The terminal is linked to the rail network in Hamilton Square and is also connected to a tramline from the past that operates every weekend as well as during school holidays. The trip from Pier Head in Liverpool is only ten minutes long, but for those who want taking a leisurely cruise, you can take the 50-minute River Explorer Cruise, with commentary and the most stunning images of Liverpool skyline.
6. Wirral Transport Museum
The first tramway in Europe was constructed at Birkenhead through the American transportation businessman George Francis Train. The first time it was opened was in 1859. It was located starting at Woodside near the ferry terminal to Birkenhead Park. The line was closed in the 20th century, however the tramway that was a heritage one was established in the late 1990s, and we’ll look into it more in the next section.
The Wirral Transport Museum was opened the same year in an impressive Victorian twin-leveled stable, and is home to the line’s antique tram collection as well historical buses (see the exquisite 1941 Guy Arab and 1943 Leyland Titan) cars and motorcycles, and The 1950s Green Goddess fire engine. There is also the model railway as well as an exact model of one of the enormous cranes that movable that were used to load iron ore at Bidston Dock. It shut down in 1997.
7. Wirral Tramway
From the stop at Taylor Street outside the Wirral Transport Museum, you can take an old-fashioned tram for 1.1 km until you reach Woodside Ferry Terminal. Woodside Ferry Terminal. The line is home to nine stunning trams from the past, many of them are displayed at the museum, which includes the only ex-Lisbon tram with a standard gauge (1930) around the globe. The line is available throughout the year during weekends, from 12:45 until 16:45. Also, it runs from Wednesday through Friday during the school holidays.
The tram departs from the museum. the tram will connect with ferry departures from Woodside at the half-hour mark. Fares include PS2 for adults and PS1 children.
8. Birkenhead Priory
The oldest building that remains in Merseyside, the Benedictine Birkenhead Priory established about a mile from Mersey around the middle of the 12th century. After receiving “ferry rights” from Edward II in 1318 , monks from this monastery created the first official ferry crossing the Mersey.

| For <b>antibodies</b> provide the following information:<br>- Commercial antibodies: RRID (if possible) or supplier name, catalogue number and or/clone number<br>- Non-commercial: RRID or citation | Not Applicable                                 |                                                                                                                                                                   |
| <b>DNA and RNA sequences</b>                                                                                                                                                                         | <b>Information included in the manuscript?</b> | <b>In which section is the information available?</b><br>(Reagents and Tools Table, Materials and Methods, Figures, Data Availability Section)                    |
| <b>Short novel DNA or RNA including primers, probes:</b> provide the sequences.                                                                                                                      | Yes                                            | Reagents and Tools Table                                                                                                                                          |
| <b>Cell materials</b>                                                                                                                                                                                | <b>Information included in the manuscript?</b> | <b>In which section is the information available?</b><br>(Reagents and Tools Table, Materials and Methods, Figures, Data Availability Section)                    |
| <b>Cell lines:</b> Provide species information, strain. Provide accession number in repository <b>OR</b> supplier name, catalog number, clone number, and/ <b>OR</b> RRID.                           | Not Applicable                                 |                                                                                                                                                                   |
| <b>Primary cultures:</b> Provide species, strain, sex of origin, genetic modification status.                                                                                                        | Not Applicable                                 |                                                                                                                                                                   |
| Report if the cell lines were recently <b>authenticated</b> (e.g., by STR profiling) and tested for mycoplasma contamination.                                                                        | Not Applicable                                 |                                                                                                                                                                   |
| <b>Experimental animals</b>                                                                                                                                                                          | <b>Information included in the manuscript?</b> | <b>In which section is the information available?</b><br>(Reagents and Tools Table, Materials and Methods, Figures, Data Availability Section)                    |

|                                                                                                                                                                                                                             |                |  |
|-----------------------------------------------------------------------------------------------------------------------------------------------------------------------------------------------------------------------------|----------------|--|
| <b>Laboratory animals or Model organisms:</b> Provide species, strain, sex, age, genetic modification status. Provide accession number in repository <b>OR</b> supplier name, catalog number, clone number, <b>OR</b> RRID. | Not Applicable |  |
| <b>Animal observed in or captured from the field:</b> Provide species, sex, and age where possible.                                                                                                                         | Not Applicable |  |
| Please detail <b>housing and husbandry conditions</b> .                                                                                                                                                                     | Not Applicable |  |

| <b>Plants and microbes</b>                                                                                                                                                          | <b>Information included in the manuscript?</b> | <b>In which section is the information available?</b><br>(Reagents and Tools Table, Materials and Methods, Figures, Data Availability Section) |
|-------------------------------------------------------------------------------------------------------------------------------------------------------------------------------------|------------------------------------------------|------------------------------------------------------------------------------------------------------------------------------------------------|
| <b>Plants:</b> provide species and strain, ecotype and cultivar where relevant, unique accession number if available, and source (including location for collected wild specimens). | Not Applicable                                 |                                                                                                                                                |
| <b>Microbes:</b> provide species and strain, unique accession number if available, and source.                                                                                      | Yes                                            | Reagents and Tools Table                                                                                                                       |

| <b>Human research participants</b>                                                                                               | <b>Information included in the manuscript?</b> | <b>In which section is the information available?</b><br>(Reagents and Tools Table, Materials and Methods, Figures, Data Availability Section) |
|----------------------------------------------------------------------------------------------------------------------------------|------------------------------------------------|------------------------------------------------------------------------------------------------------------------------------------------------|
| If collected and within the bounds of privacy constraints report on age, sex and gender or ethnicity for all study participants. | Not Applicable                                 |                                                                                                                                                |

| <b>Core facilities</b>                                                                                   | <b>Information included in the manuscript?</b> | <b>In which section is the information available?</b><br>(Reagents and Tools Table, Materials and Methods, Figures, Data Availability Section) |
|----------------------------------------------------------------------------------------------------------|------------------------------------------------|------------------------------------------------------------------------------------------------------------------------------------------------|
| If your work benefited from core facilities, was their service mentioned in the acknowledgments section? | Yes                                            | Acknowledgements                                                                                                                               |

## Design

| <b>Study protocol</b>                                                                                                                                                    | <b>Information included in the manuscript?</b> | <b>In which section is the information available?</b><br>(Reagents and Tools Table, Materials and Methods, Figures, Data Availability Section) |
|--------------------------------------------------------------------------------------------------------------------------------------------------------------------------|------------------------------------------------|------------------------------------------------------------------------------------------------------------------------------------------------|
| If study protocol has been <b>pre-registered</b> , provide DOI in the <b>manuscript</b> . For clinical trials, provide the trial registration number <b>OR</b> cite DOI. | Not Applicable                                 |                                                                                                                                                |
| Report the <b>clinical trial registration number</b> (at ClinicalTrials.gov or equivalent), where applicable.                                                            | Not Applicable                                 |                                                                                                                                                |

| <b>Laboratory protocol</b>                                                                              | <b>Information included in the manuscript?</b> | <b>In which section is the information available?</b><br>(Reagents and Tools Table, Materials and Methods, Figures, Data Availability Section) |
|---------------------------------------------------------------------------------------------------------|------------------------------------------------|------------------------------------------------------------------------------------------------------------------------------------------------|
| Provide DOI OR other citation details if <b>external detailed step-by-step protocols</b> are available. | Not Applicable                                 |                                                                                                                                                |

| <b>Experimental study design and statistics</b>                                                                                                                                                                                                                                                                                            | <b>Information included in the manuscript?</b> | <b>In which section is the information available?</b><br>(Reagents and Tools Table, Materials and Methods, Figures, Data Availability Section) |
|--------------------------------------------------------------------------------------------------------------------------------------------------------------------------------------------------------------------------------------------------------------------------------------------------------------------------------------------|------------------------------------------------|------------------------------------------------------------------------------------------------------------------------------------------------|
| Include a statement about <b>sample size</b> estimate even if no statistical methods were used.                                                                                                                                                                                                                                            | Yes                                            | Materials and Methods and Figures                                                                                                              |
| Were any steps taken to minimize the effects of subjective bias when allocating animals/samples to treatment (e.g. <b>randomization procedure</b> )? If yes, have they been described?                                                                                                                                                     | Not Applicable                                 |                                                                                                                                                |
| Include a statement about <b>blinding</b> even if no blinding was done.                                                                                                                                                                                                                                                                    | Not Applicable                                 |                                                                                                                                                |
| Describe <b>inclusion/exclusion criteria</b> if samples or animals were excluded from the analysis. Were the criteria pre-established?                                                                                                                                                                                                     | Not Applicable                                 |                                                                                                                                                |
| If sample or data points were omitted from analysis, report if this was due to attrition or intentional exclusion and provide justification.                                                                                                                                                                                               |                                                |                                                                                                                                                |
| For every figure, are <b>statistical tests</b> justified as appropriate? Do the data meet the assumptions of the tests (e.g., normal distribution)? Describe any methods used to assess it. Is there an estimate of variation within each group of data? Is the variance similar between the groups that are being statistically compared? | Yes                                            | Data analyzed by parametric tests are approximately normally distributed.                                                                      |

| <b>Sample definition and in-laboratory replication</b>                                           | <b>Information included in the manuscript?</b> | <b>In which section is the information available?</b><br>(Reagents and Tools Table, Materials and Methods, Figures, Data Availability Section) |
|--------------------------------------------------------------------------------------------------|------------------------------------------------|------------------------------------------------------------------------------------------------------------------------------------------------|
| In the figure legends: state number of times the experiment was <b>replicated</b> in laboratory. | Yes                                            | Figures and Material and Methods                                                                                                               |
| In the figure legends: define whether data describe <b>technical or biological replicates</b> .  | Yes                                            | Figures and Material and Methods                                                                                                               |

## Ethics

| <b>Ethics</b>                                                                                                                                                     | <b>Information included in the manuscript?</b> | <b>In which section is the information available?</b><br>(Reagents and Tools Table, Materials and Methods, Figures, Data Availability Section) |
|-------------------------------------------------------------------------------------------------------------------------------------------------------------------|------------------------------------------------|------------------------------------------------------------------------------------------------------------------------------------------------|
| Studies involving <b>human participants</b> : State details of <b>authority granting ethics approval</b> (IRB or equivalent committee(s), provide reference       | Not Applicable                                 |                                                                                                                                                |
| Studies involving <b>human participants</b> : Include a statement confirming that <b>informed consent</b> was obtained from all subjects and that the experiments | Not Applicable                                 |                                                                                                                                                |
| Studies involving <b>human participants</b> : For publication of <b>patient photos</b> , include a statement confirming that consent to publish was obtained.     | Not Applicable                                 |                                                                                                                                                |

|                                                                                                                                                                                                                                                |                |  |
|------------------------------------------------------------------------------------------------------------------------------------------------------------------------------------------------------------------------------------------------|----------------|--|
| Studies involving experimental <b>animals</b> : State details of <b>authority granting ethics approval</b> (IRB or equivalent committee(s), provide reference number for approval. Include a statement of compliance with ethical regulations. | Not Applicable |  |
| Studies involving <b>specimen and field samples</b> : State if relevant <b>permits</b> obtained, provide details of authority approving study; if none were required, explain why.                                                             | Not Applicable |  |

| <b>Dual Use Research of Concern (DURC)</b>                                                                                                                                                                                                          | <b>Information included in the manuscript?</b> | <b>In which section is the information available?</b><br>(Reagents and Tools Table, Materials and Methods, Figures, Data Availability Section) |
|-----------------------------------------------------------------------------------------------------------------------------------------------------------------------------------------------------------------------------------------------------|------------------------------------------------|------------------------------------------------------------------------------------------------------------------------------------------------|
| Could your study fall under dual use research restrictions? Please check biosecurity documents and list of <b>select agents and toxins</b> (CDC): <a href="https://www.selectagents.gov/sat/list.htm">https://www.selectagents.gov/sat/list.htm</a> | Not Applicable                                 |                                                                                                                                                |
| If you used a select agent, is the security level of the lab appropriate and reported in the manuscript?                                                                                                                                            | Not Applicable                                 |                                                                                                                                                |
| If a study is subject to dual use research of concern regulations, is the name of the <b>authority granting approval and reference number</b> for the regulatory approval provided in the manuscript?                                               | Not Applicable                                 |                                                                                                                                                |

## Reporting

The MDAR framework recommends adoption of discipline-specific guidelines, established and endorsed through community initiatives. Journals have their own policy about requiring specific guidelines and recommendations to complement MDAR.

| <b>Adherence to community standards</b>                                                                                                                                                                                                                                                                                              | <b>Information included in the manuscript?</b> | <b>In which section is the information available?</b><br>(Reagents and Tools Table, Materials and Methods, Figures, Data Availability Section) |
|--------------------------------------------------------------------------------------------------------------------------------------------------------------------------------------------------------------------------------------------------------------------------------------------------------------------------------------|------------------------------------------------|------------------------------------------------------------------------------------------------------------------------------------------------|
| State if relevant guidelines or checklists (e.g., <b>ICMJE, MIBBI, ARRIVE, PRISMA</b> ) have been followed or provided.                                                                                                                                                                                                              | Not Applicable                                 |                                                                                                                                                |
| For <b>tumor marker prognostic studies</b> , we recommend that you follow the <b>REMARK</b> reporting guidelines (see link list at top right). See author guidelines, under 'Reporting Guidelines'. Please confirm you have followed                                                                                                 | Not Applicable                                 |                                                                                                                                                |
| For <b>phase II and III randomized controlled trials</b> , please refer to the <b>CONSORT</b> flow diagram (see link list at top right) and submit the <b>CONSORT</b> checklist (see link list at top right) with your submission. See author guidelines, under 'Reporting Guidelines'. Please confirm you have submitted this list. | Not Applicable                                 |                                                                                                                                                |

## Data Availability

Like other priories in England, Birkenhead priory was removed in the reign of Henry VIII in the 16th century.
The present chapel of the priory is situated in the former be the chapter house of the priory and, on the top floor is the scriptorium, which houses an altar dedicated to the 19th century Royal Navy training ship HMS Conway. There’s also a museum which traces the long time of the site’s history and what the buildings are used for which are still in use.
The church’s tower from the church that was demolished in the 19th century Church of St Mary, a parish in St Mary has been preserved in memory of the 99 sailors who perished on board HMS Thetis. This submarine was built in Birkenhead’s Cammell Laird shipyard and sank during the trials of June 1939.
9. Williamson Art Gallery & Museum
The vast art collection of Birkenhead is preserved in a neo-Georgian temple-like structure in Claughton. The Williams Art Gallery & Museum was constructed for the purpose in 1928. It is named for its funder, John Williamson, then director of the Cunard Steamship Company.
It’s one of the best art collections in the region It includes Victorian artwork by Academic Artist Albert Joseph Moore, and seascape painter Philip Wilson Steer, as along with a collection of drawings, watercolors, and prints.
The Birkenhead’s Della Robbia Pottery, a major that was part of the Arts and Crafts movement of the late 19th century is well-represented, as well as Liverpool soft-paste ceramic, which was made locally in the second quarter of the 18th century. The Maritime Gallery holds a wide collection of old ship models, including the original Cammel Laird shipyard, Mersey Ferries and the numerous other vessels that were used to travel along the river.
10. U-Boat Story
The price of River Explorer Cruise River Explorer Cruise includes entrance an outdoor museum that houses the German Submarine U-534. The vessel was constructed for the Kriegsmarine in 1942, and was destroyed with the help of the RAF Bomber from Denmark’s Kattegat on May 5, 1945, the day that marked the partial surrender of German troops within Denmark through Admiral Donitz.
The entire 52 crew members were rescued when the sub was discovered in the shallow waters of 1986, then raised up to its surface by 1993. Before it was able to be moved to its permanent home at Woodside Ferry Terminal the U-boat was broken into five pieces and then presented in this disintegrated format which allows visitors to view the inside of the vessel through transparent screens. Audiovisual and information signs provide a glimpse of what life was like on the ship, and among the artifacts that have been preserved is an undiscovered Enigma machine.